Great Illusion: Impossible 3D shape conceals six tricks

The spinning 3D shape in this video conceals six different illusions. To see it in 3D, you'll need to cross your eyes until the two images overlap and merge together. (If you're having trouble, try viewing the video in full screen or check out some tips here). Once the 3D rhombus appears, you should be able to perceive the following effects:
  1. The spinning shape appears to switch directions
  2. The striped band appears to spin in the opposite direction to the shape
  3. The red cube seems to float in space
  4. The red cube becomes transparent
  5. The red cube rotates impossibly
  6. The light falling on the shape appears to come from a source opposite its real source
The object in the video was created by Rex Young, an enthusiast with an illusions channel on YouTube, based on parts and instructions provided by artist Terry Pope. It was originally conceived to be viewed with a pseudoscope, an optical device that switches what the eyes are seeing using mirrors. But, by filming the structure with a stereoscopic camera and reversing the left and right frames, the same illusion can be seen just by crossing your eyes.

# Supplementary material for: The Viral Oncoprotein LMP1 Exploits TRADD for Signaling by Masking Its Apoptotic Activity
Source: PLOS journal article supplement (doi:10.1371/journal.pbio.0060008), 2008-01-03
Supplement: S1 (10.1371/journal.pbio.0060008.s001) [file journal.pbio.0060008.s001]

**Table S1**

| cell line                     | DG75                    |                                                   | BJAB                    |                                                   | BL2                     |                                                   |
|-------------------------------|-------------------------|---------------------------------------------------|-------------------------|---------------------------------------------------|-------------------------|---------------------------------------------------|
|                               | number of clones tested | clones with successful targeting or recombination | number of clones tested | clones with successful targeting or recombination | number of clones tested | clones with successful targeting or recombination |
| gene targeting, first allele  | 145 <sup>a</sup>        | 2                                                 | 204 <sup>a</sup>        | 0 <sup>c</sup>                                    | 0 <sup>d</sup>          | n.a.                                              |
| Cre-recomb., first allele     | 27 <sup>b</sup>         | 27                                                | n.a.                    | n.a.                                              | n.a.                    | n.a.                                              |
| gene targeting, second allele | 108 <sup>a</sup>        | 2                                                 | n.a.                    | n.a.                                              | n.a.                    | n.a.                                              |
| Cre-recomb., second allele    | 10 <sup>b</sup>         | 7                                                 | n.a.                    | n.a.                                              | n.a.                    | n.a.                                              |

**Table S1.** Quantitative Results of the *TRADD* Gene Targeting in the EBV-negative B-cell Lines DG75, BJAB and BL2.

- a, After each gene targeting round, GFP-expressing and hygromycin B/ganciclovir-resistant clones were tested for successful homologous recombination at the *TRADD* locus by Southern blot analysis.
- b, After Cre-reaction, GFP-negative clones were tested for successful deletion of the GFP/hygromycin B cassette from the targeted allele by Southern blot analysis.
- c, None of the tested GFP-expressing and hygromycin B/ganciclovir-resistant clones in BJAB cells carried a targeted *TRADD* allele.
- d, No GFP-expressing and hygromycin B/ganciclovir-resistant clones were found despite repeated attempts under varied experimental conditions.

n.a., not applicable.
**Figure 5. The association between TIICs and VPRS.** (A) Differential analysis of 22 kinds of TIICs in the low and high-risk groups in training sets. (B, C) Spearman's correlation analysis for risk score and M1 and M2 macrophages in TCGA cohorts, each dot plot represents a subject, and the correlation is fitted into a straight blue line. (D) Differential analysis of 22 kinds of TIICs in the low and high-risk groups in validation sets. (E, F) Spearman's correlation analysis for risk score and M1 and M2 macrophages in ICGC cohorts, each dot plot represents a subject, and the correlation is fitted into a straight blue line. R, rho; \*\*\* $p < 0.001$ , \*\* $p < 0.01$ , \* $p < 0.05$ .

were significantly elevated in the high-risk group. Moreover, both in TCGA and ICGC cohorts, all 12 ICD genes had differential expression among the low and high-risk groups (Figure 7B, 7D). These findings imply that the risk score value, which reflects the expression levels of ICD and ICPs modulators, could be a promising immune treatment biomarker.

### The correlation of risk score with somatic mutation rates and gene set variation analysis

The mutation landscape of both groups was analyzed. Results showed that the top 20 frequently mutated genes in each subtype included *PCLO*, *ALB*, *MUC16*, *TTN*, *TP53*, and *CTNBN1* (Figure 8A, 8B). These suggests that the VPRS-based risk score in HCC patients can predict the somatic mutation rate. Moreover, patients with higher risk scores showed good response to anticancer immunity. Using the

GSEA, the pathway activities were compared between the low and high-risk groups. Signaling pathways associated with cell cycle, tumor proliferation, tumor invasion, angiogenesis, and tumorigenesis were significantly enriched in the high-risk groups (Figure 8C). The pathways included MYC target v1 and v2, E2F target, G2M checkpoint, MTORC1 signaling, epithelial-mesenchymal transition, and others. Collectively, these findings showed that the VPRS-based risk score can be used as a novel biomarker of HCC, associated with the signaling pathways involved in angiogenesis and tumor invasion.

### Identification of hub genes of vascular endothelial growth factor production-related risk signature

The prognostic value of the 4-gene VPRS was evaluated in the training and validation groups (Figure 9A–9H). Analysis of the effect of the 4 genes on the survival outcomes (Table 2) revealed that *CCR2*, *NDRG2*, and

So why do we perceive this brain trick? When we view a scene, the image that appears on our retina is two-dimensional, so our visual system uses a variety of cues to add depth. One of these involves comparing the position of images on the left and right retinas to determine distance. Since the images in this video have been flipped, it reverses our distance cues, causing far away points to seem closer than nearer ones and altering our perception in a variety of ways.